We conclude that Stewart was not barred from recovery as a matter of law by reason of contributory negligence or assumption of the risk. The mere fact that Stewart was aware of the risks involved in his job is not conclusive proof of either contributory negligence or assumption of the risk. Frost v. McCarthy, 200 Mass. 445, 447-448. Sullivan v. Saugus, 305 Mass. 127, 131. The evidence did not require a finding that Stewart was negligent in letting go of the hose when he heard a loud roaring noise as the fire started. The jury were warranted in finding that such an impulsive act in the circumstances was not negligence. Green v. Haverhill & Amesbury St. Ry. 193 Mass. 428, 430. Roy contends that Stewart was negligent in filling the compartment by a "splash filling" method. Stewart denied using this method; therefore, a jury question was presented. Furthermore, there was ample evidence that splash filling was not the cause of the fire. In the circumstances of this case the questions of contributory negligence and assumption of the risk were for jury determination.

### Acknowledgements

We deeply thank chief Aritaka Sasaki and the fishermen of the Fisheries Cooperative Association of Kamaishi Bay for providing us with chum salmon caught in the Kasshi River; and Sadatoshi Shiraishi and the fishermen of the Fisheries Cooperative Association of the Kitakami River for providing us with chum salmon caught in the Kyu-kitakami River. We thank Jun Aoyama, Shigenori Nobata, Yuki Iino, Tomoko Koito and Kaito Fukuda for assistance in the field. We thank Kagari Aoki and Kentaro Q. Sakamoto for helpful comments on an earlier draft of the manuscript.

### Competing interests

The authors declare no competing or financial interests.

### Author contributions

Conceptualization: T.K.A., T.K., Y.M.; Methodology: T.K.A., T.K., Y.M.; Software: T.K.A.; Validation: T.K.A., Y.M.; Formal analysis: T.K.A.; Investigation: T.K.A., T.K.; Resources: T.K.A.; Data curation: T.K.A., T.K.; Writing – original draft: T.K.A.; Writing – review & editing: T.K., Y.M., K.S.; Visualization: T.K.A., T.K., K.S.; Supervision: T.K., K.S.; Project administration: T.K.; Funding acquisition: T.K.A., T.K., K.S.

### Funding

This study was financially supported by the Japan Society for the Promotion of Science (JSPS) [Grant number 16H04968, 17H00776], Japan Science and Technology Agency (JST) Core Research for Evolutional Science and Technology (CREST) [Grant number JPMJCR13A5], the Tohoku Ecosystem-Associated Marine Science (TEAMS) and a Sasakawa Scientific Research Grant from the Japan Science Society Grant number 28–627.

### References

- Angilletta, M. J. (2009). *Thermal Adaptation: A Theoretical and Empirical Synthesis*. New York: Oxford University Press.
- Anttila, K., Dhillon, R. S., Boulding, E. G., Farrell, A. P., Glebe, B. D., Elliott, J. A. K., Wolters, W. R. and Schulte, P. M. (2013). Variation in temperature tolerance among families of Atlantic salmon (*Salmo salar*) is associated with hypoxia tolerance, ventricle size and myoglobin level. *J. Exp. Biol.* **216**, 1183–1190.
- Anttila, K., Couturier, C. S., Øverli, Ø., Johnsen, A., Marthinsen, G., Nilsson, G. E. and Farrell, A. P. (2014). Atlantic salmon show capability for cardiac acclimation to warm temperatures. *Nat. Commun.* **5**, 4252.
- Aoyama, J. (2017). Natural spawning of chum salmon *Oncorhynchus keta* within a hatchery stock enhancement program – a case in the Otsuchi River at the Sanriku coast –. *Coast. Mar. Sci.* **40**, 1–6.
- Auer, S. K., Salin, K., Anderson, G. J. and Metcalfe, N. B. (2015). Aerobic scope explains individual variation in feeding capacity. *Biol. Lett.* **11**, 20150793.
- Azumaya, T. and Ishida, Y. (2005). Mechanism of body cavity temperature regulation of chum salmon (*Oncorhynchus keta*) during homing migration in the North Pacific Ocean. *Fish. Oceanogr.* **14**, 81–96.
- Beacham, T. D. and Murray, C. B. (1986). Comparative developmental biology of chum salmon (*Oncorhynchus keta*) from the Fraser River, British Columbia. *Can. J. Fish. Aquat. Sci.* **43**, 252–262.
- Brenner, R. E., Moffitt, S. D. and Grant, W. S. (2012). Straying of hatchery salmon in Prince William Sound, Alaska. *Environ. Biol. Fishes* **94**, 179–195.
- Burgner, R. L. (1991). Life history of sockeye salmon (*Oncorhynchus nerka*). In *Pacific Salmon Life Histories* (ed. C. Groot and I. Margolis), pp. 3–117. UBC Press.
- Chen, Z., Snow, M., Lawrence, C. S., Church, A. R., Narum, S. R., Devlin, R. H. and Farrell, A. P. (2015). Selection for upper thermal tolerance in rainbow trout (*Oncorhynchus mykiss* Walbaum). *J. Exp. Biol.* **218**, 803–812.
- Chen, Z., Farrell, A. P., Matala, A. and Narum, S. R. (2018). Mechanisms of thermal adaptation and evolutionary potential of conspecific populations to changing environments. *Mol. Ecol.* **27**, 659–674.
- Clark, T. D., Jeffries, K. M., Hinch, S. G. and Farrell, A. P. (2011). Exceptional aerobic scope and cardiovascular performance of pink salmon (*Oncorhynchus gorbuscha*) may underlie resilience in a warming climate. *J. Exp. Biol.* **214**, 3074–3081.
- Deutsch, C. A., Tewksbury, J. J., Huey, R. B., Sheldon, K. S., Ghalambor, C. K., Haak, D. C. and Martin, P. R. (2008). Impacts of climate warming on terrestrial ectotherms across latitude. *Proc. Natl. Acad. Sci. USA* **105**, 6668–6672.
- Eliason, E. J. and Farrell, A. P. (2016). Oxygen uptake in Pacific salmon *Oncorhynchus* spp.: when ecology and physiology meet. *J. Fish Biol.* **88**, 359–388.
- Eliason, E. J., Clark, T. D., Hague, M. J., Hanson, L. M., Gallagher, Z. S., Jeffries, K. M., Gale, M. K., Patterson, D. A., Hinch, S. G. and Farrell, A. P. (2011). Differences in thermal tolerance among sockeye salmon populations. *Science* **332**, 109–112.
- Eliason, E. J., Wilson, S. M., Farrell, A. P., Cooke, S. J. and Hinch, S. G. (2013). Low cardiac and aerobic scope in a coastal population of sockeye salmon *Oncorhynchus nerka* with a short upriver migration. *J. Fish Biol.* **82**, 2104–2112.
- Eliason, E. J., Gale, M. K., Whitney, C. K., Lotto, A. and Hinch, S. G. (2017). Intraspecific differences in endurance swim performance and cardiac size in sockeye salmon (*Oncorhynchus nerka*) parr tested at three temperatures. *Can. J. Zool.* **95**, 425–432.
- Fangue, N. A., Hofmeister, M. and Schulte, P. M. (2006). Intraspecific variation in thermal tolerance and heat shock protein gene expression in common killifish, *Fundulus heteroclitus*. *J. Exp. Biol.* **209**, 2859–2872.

Roy contends that both Roy and Standard, Stewart's employer, were engaged in doing work which was part of the business of Union Carbide, and therefore that Stewart is barred from recovery under the doctrine of common employment. At the close of the evidence Roy moved for a directed verdict on the ground that common employment had been established as a matter of law. The motion was denied subject *454 to Roy's exception. Stewart requested an instruction to the jury to the effect that as a matter of law the defence of common employment was not a bar to his recovery. The trial judge did not give this instruction but instead instructed the jury, "If you find as a fact that Roy loaded, transported and delivered chemical products of Union Carbide repeatedly and as a regular part of the business of Union Carbide, and that it was an integral or substantial part in the business of Union Carbide, you would be justified in finding that the work performed by Roy for Union Carbide was a part of or process in the business of Union Carbide." The court submitted four special questions to the jury concerning common employment. In answering them the jury found that the loading and storage of ethyl acetate by Standard was part of or process in the trade or business of Union Carbide, and not merely ancillary or incidental thereto, and that the loading, transporting and delivery of ethyl acetate for Union Carbide by Roy also was a part of or process in the business of Union Carbide, and not merely ancillary or incidental thereto.